By Andre Haralyi M.A., C-IAYT

The word svadharma is commonly translated as own norm or own moral duty, but is better understood as the normative behavior arising from one’s own-being (svabhāva). This concept plays a very important role in the teachings of the Bhagavad Gītā.

“Better is one’s own dharma, even when not done perfectly than another’s dharma well performed. By performing the action prescribed by one’s own own-being (svabhāva), one does not accumulate guilt.”

Bhagavad-Gītā  XVIII.47

The idea behind the concept of svadharma is that everyone must be true to one’s innate essence. Everyone has his or her own duty or path to follow. Once one realizes this, every action will be an expression of their true Self, where the person is not acting anymore, but instead, just being. This highlights the psychological and ethical importance of finding one’s own path. According to these teachings, it is better to strive in one one’s dharma, than to succeed in another’s. Nothing is ever lost by following one’s own dharma.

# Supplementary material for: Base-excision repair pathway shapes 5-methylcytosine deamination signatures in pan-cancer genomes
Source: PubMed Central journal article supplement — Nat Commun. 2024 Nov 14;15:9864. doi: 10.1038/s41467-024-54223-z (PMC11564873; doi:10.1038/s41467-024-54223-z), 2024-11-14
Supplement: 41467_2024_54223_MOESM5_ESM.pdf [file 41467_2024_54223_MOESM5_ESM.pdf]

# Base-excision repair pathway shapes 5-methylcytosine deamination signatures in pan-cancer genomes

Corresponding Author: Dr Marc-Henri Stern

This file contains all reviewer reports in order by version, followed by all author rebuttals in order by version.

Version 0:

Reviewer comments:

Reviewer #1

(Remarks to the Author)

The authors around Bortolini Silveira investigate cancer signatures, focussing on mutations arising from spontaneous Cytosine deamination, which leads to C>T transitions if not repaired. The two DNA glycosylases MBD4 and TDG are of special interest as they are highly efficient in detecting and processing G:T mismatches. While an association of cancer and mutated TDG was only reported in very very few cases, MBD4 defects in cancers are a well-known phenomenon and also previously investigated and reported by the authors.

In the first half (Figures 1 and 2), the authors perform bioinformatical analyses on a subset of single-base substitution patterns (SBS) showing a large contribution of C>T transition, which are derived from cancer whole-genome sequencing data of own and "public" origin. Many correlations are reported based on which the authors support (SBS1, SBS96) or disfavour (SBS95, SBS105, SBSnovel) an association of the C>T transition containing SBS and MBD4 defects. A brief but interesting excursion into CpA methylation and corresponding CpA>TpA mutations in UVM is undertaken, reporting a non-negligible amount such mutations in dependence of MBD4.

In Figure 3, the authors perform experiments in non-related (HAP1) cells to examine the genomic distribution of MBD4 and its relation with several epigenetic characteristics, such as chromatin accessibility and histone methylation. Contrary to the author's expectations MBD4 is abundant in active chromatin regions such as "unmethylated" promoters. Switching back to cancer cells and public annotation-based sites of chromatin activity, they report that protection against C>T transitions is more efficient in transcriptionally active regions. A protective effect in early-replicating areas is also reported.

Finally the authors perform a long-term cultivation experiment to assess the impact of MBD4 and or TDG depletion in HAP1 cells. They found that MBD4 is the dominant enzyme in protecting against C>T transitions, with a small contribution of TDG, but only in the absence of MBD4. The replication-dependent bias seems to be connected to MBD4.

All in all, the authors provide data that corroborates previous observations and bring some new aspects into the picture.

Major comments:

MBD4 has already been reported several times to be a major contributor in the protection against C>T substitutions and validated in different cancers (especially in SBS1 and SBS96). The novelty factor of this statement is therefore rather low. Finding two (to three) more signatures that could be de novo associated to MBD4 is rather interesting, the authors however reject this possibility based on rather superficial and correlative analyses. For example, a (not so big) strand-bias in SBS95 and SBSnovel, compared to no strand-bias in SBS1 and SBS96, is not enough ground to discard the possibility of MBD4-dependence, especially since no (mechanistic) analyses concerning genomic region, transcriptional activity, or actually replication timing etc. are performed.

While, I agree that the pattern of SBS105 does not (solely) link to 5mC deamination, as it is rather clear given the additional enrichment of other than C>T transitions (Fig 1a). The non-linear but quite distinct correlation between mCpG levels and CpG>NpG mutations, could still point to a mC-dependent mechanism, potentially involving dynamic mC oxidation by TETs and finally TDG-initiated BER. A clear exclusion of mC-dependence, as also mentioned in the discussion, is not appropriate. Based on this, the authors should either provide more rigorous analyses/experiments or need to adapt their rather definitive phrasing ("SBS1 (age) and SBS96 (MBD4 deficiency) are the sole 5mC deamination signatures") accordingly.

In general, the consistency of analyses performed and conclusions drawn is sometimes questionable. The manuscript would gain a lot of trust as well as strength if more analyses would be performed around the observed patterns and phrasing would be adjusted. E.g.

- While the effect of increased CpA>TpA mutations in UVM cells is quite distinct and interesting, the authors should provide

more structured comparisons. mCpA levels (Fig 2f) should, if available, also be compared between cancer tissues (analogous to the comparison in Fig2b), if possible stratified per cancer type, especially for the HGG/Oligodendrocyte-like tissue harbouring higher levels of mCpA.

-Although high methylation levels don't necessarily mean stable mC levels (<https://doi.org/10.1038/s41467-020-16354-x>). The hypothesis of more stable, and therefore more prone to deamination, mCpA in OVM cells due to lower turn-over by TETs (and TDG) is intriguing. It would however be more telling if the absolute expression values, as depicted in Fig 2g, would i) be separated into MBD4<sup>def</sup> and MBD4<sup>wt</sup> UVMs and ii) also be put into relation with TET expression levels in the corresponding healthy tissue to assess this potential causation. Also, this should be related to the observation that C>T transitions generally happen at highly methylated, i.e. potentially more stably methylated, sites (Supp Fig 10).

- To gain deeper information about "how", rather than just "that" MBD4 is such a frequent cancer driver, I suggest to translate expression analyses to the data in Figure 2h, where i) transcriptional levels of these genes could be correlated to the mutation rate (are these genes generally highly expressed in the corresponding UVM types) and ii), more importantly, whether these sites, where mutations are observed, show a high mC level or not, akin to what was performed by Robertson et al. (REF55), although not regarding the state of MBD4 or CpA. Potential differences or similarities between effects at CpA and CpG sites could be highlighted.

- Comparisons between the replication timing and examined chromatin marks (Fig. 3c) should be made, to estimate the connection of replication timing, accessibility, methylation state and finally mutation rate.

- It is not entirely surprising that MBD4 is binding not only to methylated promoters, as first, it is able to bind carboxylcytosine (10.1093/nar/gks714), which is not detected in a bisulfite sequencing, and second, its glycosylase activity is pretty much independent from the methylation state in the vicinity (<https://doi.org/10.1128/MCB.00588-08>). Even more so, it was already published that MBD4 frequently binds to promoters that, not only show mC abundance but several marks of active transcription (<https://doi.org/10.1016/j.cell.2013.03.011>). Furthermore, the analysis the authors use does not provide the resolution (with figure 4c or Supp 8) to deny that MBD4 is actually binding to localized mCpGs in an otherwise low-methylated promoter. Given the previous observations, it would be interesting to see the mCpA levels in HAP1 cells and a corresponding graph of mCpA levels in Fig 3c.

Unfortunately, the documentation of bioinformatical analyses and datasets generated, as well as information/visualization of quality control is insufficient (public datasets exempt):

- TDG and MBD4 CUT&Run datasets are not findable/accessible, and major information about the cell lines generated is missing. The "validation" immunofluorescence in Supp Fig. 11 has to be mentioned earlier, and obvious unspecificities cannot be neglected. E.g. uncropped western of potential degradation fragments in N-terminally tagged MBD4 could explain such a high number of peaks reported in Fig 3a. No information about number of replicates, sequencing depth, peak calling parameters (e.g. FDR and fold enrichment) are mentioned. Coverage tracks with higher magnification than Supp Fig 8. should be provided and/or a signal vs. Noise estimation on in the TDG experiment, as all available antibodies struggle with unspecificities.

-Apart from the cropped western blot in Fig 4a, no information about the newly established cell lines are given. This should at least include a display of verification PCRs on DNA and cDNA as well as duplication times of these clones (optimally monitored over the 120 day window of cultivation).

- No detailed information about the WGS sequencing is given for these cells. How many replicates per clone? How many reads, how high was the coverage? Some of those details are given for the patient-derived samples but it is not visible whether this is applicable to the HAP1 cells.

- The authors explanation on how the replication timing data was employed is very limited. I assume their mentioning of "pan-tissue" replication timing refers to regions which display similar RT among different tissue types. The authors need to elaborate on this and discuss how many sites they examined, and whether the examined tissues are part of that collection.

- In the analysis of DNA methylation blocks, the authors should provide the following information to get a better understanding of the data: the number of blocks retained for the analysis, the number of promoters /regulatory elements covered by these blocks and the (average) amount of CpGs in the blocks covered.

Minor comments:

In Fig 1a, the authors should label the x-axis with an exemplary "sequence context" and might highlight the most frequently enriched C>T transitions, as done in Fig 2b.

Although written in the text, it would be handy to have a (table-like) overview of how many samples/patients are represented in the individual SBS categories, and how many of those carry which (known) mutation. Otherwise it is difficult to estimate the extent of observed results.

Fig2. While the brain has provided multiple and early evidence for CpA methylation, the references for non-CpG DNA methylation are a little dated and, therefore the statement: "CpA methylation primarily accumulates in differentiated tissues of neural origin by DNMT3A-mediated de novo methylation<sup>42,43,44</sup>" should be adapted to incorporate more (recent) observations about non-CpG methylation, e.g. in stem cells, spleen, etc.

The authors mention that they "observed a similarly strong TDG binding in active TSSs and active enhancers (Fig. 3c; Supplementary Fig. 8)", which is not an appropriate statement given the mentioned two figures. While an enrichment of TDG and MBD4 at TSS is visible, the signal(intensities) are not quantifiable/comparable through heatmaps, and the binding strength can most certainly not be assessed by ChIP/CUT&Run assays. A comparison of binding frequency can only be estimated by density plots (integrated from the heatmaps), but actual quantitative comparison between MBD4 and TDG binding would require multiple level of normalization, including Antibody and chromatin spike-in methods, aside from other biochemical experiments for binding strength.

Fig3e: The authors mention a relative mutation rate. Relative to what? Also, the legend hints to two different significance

“Man’s main task in life is to give birth to himself, to become what he potentially is.”

Erich Fromm

Every righteousness action that arises from one’s own-being (svabhāva) is an opportunity to fulfill the svadharma and thus attain liberation. However, the knowledge of the svadharma and the nature of the Self is said to remain obscure, like fire enveloped by smoke or as a mirror enveloped by dust, until the senses are under control.

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